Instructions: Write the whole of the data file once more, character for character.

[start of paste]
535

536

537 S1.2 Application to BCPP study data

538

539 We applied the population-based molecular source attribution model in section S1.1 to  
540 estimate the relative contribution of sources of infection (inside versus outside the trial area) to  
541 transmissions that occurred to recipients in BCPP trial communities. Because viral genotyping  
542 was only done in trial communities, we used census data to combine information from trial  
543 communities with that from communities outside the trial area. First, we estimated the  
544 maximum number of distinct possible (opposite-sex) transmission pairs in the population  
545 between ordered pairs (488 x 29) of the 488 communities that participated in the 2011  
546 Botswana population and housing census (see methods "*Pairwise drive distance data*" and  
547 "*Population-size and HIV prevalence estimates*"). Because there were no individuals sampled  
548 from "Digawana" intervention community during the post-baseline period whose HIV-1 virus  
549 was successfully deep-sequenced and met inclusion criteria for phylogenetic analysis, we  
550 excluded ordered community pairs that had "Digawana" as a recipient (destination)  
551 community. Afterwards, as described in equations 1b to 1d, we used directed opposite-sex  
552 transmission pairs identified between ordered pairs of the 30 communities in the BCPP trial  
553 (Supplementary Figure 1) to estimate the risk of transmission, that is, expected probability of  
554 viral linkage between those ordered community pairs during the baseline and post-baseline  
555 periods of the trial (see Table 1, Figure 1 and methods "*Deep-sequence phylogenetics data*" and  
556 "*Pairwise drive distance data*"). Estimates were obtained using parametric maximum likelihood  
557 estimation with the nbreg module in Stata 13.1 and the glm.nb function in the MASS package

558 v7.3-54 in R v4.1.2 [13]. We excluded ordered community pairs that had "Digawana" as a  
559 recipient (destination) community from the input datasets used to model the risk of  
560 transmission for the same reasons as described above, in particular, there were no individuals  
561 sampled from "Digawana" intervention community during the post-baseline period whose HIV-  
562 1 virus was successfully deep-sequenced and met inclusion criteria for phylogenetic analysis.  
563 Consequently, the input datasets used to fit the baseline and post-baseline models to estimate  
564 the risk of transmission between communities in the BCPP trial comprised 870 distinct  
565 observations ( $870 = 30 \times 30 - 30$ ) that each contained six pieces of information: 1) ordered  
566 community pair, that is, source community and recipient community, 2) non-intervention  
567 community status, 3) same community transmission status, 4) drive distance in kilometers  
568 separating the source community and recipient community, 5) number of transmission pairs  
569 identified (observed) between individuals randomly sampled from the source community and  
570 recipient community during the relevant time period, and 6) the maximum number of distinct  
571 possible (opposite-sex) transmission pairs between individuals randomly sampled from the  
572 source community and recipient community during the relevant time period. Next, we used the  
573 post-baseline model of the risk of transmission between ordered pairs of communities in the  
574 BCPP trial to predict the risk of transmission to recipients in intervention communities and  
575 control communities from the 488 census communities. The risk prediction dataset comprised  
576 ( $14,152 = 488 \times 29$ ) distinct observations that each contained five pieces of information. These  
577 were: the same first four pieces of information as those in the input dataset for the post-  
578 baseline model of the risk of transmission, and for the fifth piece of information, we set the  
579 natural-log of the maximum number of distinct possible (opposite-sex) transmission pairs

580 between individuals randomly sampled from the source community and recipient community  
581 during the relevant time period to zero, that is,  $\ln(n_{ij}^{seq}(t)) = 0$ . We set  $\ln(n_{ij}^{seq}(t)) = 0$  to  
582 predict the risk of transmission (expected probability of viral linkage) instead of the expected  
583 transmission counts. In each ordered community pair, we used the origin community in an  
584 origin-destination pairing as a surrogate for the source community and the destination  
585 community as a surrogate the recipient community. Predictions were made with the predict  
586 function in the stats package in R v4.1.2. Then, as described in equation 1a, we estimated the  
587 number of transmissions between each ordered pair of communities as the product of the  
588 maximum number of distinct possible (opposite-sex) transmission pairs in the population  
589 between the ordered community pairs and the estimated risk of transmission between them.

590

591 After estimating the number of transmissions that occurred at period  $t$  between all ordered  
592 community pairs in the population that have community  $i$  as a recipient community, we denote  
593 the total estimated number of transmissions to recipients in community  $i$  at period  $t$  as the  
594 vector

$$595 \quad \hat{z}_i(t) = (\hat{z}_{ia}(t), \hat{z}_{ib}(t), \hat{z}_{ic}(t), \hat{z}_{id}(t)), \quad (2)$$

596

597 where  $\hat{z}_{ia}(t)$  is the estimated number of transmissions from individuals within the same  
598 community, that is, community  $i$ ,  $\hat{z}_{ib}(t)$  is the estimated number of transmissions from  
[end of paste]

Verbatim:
535

536

537 S1.2 Application to BCPP study data

538

539 We applied the population-based molecular source attribution model in section S1.1 to  
540 estimate the relative contribution of sources of infection (inside versus outside the trial area) to  
541 transmissions that occurred to recipients in BCPP trial communities. Because viral genotyping  
542 was only done in trial communities, we used census data to combine information from trial  
543 communities with that from communities outside the trial area. First, we estimated the  
544 maximum number of distinct possible (opposite-sex) transmission pairs in the population  
545 between ordered pairs (488 x 29) of the 488 communities that participated in the 2011  
546 Botswana population and housing census (see methods "*Pairwise drive distance data*" and  
547 "*Population-size and HIV prevalence estimates*"). Because there were no individuals sampled  
548 from "Digawana" intervention community during the post-baseline period whose HIV-1 virus  
549 was successfully deep-sequenced and met inclusion criteria for phylogenetic analysis, we  
550 excluded ordered community pairs that had "Digawana" as a recipient (destination)  
551 community. Afterwards, as described in equations 1b to 1d, we used directed opposite-sex  
552 transmission pairs identified between ordered pairs of the 30 communities in the BCPP trial  
553 (Supplementary Figure 1) to estimate the risk of transmission, that is, expected probability of  
554 viral linkage between those ordered community pairs during the baseline and post-baseline  
555 periods of the trial (see Table 1, Figure 1 and methods "*Deep-sequence phylogenetics data*" and  
556 "*Pairwise drive distance data*"). Estimates were obtained using parametric maximum likelihood  
557 estimation with the nbreg module in Stata 13.1 and the glm.nb function in the MASS package

558 v7.3-54 in R v4.1.2 [13]. We excluded ordered community pairs that had "Digawana" as a  
559 recipient (destination) community from the input datasets used to model the risk of  
560 transmission for the same reasons as described above, in particular, there were no individuals  
561 sampled from "Digawana" intervention community during the post-baseline period whose HIV-  
562 1 virus was successfully deep-sequenced and met inclusion criteria for phylogenetic analysis.  
563 Consequently, the input datasets used to fit the baseline and post-baseline models to estimate  
564 the risk of transmission between communities in the BCPP trial comprised 870 distinct  
565 observations ( $870 = 30 \times 30 - 30$ ) that each contained six pieces of information: 1) ordered  
566 community pair, that is, source community and recipient community, 2) non-intervention  
567 community status, 3) same community transmission status, 4) drive distance in kilometers  
568 separating the source community and recipient community, 5) number of transmission pairs  
569 identified (observed) between individuals randomly sampled from the source community and  
570 recipient community during the relevant time period, and 6) the maximum number of distinct  
571 possible (opposite-sex) transmission pairs between individuals randomly sampled from the  
572 source community and recipient community during the relevant time period. Next, we used the  
573 post-baseline model of the risk of transmission between ordered pairs of communities in the  
574 BCPP trial to predict the risk of transmission to recipients in intervention communities and  
575 control communities from the 488 census communities. The risk prediction dataset comprised  
576 ( $14,152 = 488 \times 29$ ) distinct observations that each contained five pieces of information. These  
577 were: the same first four pieces of information as those in the input dataset for the post-  
578 baseline model of the risk of transmission, and for the fifth piece of information, we set the  
579 natural-log of the maximum number of distinct possible (opposite-sex) transmission pairs

580 between individuals randomly sampled from the source community and recipient community  
581 during the relevant time period to zero, that is,  $\ln(n_{ij}^{seq}(t)) = 0$ . We set  $\ln(n_{ij}^{seq}(t)) = 0$  to  
582 predict the risk of transmission (expected probability of viral linkage) instead of the expected  
583 transmission counts. In each ordered community pair, we used the origin community in an  
584 origin-destination pairing as a surrogate for the source community and the destination  
585 community as a surrogate the recipient community. Predictions were made with the predict  
586 function in the stats package in R v4.1.2. Then, as described in equation 1a, we estimated the  
587 number of transmissions between each ordered pair of communities as the product of the  
588 maximum number of distinct possible (opposite-sex) transmission pairs in the population  
589 between the ordered community pairs and the estimated risk of transmission between them.

590

591 After estimating the number of transmissions that occurred at period  $t$  between all ordered  
592 community pairs in the population that have community  $i$  as a recipient community, we denote  
593 the total estimated number of transmissions to recipients in community  $i$  at period  $t$  as the  
594 vector

$$595 \quad \hat{z}_i(t) = (\hat{z}_{ia}(t), \hat{z}_{ib}(t), \hat{z}_{ic}(t), \hat{z}_{id}(t)), \quad (2)$$

596

597 where  $\hat{z}_{ia}(t)$  is the estimated number of transmissions from individuals within the same  
598 community, that is, community  $i$ ,  $\hat{z}_{ib}(t)$  is the estimated number of transmissions from  